Family History: Papa’s Journey

It was 1976.  I was 2 and my brother was 4.  Korea was starting to recover economically and politically from back to back wars and 3o plus years of Japanese rule.  Quality of life was steadily improving as the country’s economy grew.  Two well-educated people like my parents should have been financially stable, but they weren’t.

After our history of Japanese invasion and the civil conflict that divided our country in half, the government instituted 2 years of mandatory military service to all male citizens.  If you didn’t serve, you were black-balled for jobs in most industry.

When my dad graduated from a top college with top grades, he should have been able to get a great job.  That’s just how things worked in Korea.  First, he had to serve his military service.  He signed up to serve, but he failed the physical.  My dad had extremely bad vision.

He should have been exempt, but the system and the government at the time didn’t recognize exemption.  He had to serve to be able to work.  He couldn’t serve because he failed the physical.  It was terribly unjust.  The only industry that would hire him was the newspapers.

I knew that my dad was a newspaper reporter when he met mom, but I never knew why.  I found out recently when I asked what motivated him to immigrate to the U.S.

My dad liked to write and he was a good writer.  I guess that’s where I get the love of writing bit.  It was an okay job for a bachelor.  Unfortunately, a reporter’s pay couldn’t support a family.

By the time Dad got married and my brother was born, the blackball had lifted.  He could apply to other industries, but companies didn’t want to hire 30 something year old with no real work experience.  It was a tough time for my dad and our family.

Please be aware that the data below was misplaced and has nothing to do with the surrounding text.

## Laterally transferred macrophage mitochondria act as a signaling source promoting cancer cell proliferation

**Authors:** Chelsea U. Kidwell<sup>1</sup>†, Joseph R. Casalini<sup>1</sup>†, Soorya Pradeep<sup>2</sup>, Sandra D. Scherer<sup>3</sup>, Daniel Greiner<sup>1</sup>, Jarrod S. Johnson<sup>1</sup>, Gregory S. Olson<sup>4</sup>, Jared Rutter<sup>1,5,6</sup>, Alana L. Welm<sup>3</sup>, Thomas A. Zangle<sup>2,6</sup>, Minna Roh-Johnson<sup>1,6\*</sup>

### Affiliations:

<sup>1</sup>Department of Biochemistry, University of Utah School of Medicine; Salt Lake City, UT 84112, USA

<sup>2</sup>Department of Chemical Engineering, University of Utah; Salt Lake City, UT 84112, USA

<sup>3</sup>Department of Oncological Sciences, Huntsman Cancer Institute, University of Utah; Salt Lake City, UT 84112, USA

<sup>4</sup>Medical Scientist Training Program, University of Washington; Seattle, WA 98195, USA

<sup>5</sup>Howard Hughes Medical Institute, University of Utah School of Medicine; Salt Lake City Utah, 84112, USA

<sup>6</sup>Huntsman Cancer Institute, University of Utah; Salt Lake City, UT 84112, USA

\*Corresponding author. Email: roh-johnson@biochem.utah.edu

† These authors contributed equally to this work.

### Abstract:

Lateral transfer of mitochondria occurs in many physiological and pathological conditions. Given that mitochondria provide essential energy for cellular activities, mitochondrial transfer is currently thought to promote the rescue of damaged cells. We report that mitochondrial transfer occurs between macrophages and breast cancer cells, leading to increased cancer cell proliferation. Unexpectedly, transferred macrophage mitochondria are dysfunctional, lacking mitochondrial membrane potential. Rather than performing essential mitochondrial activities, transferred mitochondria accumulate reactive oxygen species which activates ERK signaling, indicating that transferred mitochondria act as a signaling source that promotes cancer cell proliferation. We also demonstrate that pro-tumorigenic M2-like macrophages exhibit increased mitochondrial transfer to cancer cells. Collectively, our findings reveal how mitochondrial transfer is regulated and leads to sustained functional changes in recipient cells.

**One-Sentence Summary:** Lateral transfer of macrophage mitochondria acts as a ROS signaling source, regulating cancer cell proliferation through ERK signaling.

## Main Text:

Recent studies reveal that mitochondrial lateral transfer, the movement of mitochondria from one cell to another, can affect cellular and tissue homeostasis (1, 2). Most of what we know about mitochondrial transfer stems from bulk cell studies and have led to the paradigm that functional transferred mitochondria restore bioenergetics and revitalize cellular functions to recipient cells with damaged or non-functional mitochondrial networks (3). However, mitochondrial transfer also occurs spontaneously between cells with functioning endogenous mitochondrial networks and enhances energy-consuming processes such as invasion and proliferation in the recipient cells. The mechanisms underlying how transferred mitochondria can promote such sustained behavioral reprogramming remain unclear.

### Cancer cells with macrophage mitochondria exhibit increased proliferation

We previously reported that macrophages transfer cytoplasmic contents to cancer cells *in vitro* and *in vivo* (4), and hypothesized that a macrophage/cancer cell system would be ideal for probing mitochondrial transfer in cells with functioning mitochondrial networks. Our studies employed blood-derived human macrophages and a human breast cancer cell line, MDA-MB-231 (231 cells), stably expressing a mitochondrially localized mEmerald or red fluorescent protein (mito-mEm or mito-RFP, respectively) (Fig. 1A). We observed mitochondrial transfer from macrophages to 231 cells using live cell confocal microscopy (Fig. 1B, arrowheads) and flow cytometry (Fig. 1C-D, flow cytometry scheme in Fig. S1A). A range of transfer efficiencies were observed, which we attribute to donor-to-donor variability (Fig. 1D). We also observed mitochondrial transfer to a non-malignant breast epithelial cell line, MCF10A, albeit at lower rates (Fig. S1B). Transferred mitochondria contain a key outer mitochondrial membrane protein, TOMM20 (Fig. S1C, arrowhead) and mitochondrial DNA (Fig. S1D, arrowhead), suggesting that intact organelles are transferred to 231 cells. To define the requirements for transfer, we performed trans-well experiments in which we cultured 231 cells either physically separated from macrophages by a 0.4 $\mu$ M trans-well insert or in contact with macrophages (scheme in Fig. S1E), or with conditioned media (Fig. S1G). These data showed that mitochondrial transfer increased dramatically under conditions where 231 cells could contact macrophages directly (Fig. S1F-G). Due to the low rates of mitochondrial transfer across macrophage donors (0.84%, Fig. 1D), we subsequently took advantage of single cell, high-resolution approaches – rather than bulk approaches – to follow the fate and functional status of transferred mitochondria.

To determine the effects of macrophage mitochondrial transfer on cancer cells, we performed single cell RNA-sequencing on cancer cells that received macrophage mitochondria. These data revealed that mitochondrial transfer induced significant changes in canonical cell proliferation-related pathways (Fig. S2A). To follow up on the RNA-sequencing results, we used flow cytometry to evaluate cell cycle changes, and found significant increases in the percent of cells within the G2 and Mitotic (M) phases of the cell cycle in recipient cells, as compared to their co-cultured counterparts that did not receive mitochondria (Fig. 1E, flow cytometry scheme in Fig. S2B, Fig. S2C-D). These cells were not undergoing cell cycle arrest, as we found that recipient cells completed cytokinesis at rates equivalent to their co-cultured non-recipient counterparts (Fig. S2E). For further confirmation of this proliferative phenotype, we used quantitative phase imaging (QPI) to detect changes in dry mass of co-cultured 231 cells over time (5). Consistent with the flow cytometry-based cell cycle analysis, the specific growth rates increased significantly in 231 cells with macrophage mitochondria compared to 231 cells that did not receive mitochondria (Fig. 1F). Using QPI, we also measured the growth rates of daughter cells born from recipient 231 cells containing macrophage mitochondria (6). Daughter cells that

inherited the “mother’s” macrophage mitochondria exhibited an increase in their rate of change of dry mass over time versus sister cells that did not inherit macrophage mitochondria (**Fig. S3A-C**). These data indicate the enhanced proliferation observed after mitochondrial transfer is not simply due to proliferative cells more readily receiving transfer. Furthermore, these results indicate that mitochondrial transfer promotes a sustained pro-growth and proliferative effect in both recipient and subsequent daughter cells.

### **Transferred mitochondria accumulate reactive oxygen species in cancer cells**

He didn’t say it, but I think when he finally got an offer for a job overseas, in Africa no less, he was feeling desperate.  I didn’t probe too much because I could sense that there was still a hint of raw nerve.

He needed a job even if it meant going to the other side of the globe.  Unfortunately, the company he worked for was having financial troubles.  It wasn’t stable enough for him to continue long-term.  He also didn’t feel that Korea had any opportunities for him.

He decided that the U.S. provided the best chance for him and his family.  However, getting a travel visa, let alone an immigration permit was near impossible.  There were too many applicant.

Dad was resourceful.  He managed to figure out a way to get to Canada from Africa (Malawi) via Kenya.  From Canada, he made his way to New York.  I’ll leave the details to your imagination because I think some of the stuff he did was a little on the shady side.

His first job in New York connected him to an immigration lawyer who helped him get a green card, the permanent resident card that would allow him to sponsor his family.

It took a long time, but we were finally able to travel the U.S. in February 1982.  I had only seen my dad once in 1980 when his mom had passed away.  My brother and I didn’t know him and it was a little strange for all of us in many ways.  But that’s another story.  It must have been harder for our parents, 6 years of separation couldn’t have been easy.

To be continued…


3 thoughts on “Family History: Papa’s Journey

  1. interesting, cant wait to read the rest.
    you know our parents really did go through a lot being immigrants
    in a foreign place and having so few resources, no friends.
    it was such a hard and different time.
    sometimes we forget this.

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